Pastore was the next out as the French pro was all in for 1,300,000 with top pair. Angelov had a straight draw on the flop but hit a pair of queens on the river to bust Pastore in fifth.

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Van Luijk won a coin flip with two eights against Angelov’s king-nine to double again, then found himself involved in yet another all-in race situation. Jovan Kenjic was all in for 2,500,000 with ace-king while Van Luijk had him covered by just 50,000 with jacks. Van Luijk’s pair held on to virtually double up and knock out Kenjic in fourth.

Van Luijk rivered a set of nines as Angelov tried a big bluff on the river, pulling Van Luijk nearly even with his two opponents.

Van Luijk Survives on the River

Derk van Luijk and Boris Angelov
Derk van Luijk and Boris Angelov

Then came the hand that will go down in EPT lore and changed the fortunes of two players.

Van Luijk raised on the button and Nasreddine called in the big blind. Van Luijk flopped top pair of jacks with jack-ten and bet 1,500,000. Nasreddine flopped a pair of fours with five-four and improved to two pair on the turn. Van Luijk bet another 3,000,000, Nasreddine moved all in, and Van Luijk snap-called for 8,450,000.

The river was a ten and Van Luijk got up from his seat to shake Angelov’s hand, believing he had been eliminated. Nasreddine, though, had to point out that he had made a higher two pair.

“Oh my God, shit. I’m so sorry,” a humbled Van Luijk said as he unexpectedly took a massive chip lead.

Rania Nasreddine
A brutal river card ended Rania Nasreddine’s deep run.

Nasreddine was left with just 900,000 and was all in the next hand, losing to Van Luijk’s full house to finish in third place. Van Luijk led Angelov 24,500,000 to 11,750,000 at the start of heads-up play, but Angelov used aggression to take down most pots and overtake him for the chip lead.

Van Luijk won a big pot with a pair of kings as he headed into dinner break back on top with 23,475,000. He had a chance to end the tournament when Angelov moved all in on the river for 5,825,000, but Van Luijk folded a pair of sixes and Angelov showed ten-high for a bluff.

Angelov was then all in with ace-queen against Van Luijk’s two kings as Van Luijk already had one hand on the trophy. But it was quickly swatted away as Angelov flopped trip queens, then improved to quads on the turn to double up and retake the lead.

Boris Angelov
Boris Angelov finished second after a six-hour slugfest.

Van Luijk opened up a lead once again when he made two pair with queen-nine, but Angelov then won a massive pot with just queen-high to knock Van Luijk down to less than 10,000,000 as the pendulum continued to swing back and forth in what was quickly becoming one of the longest and most memorable heads-up duels in EPT history.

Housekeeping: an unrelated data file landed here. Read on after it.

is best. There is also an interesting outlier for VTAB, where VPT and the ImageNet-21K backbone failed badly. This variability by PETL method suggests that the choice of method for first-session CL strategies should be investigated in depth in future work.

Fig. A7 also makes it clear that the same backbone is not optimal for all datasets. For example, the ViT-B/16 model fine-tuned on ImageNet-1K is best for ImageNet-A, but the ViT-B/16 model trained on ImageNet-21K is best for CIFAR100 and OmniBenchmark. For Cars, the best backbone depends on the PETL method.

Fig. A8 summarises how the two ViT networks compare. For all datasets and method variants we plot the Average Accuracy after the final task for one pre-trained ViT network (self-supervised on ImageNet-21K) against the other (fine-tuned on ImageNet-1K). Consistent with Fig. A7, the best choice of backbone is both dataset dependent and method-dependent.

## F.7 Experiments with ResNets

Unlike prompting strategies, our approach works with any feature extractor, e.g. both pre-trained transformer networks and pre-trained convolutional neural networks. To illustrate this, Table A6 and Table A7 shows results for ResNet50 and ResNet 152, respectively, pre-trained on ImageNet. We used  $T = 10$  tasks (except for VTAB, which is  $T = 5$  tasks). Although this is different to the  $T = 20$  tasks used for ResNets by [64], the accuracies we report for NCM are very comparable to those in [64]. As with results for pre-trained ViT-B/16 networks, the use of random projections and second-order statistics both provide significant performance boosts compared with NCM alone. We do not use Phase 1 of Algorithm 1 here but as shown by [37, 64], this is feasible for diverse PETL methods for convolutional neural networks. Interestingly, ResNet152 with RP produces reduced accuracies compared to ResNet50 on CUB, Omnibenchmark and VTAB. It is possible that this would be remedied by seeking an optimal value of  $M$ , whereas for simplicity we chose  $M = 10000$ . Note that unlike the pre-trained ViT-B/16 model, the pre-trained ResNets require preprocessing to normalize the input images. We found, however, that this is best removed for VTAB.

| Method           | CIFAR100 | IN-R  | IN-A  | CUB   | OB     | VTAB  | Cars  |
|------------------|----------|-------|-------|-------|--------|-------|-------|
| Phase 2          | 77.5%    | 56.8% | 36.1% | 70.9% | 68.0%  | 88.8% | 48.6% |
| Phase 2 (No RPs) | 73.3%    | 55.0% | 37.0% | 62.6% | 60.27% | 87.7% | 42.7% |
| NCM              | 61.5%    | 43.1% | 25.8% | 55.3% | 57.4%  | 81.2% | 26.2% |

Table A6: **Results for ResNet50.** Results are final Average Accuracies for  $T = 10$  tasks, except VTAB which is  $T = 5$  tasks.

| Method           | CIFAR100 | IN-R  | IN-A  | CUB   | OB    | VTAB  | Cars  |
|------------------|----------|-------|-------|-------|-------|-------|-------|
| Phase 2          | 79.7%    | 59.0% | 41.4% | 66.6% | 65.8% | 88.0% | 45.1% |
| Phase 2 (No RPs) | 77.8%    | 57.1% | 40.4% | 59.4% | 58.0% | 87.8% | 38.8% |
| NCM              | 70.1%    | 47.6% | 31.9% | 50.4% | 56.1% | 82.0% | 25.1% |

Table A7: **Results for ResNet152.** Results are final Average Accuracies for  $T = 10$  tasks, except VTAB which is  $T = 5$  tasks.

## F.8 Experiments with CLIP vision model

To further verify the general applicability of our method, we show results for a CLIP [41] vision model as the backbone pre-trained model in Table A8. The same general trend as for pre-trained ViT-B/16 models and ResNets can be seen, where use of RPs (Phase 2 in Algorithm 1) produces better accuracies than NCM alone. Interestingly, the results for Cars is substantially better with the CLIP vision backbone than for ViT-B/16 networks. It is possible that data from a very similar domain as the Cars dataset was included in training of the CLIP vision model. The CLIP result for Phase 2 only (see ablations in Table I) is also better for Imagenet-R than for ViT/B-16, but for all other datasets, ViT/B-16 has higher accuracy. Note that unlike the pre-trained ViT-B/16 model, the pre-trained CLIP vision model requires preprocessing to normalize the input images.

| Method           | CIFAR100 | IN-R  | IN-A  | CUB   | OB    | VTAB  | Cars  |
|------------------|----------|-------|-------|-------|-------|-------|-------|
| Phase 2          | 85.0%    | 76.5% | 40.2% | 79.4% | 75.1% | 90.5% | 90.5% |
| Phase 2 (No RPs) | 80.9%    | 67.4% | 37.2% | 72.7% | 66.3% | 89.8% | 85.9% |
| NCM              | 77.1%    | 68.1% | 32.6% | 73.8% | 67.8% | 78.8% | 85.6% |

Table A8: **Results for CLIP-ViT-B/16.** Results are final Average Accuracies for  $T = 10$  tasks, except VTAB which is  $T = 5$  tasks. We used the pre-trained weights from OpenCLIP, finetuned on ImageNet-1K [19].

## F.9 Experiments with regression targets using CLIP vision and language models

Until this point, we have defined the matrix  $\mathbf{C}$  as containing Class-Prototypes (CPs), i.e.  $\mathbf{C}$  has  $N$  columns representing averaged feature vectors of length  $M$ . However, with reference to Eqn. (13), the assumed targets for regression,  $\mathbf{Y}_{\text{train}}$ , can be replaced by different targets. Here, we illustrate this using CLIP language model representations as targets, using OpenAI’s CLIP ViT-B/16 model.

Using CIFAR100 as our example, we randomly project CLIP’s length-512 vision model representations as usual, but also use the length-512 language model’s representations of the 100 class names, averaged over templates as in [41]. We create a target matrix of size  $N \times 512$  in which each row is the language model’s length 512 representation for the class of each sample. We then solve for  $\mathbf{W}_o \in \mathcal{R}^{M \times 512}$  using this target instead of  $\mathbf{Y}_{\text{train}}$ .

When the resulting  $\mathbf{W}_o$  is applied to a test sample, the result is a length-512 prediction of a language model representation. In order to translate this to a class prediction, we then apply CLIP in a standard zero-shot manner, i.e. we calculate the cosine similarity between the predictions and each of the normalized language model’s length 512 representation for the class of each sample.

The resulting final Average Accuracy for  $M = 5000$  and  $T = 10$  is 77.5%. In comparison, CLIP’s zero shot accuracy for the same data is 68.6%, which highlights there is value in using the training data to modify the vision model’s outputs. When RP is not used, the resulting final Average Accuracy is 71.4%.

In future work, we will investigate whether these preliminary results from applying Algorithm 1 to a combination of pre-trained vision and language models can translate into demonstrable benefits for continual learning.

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Angelov then shoved the button and Van Luijk snap-called for 7,200,000 with queens, flopping top set to double up yet again. He then flopped two pair against Angelov’s top pair of queens as the lead changed hands once more. A series of small pots put Angelov back in front until Van Luijk hit two pair with five-four and beat Angelov’s pair of queens to double up.

Van Luijk was all in again for 11,000,000 with ace-three against Angelov’s king-eight and held on to double up into the chip lead. Finally, six hours after the heads-up match had begun, Van Luijk limped the button, then snap-called when Angelov shoved for 15,500,000. Angelov had king-seven, while Van Luijk was ahead with ace-queen.

The flop brought a queen to give Van Luijk top pair, and Angelov couldn’t catch up as he ended up finishing in second place for €620,500.

It was a bittersweet ending for the Bulgarian, who had Van Luijk down and seemingly out so many times during the match only for Van Luijk to climb back up. But that was the story of Van Luijk’s tournament, and it ended with him using every bit of that “Baby Run Good” to be the last man standing.

Van Luijk isn’t stopping here as he plans to become a regular fixture on the EPT. “I already play almost all the EPTs, so I’ll just keep doing what I’m doing,” he said. But whatever the future has in store for him, this past week in Monte Carlo will be tough to top.

Derk van Luijk
Derk van Luijk

That concludes PokerNews’ coverage of the 2024 EPT Monte Carlo. Keep following along with PokerNews for more coverage of tournaments worldwide, including the next EPT stop in Barcelona in August!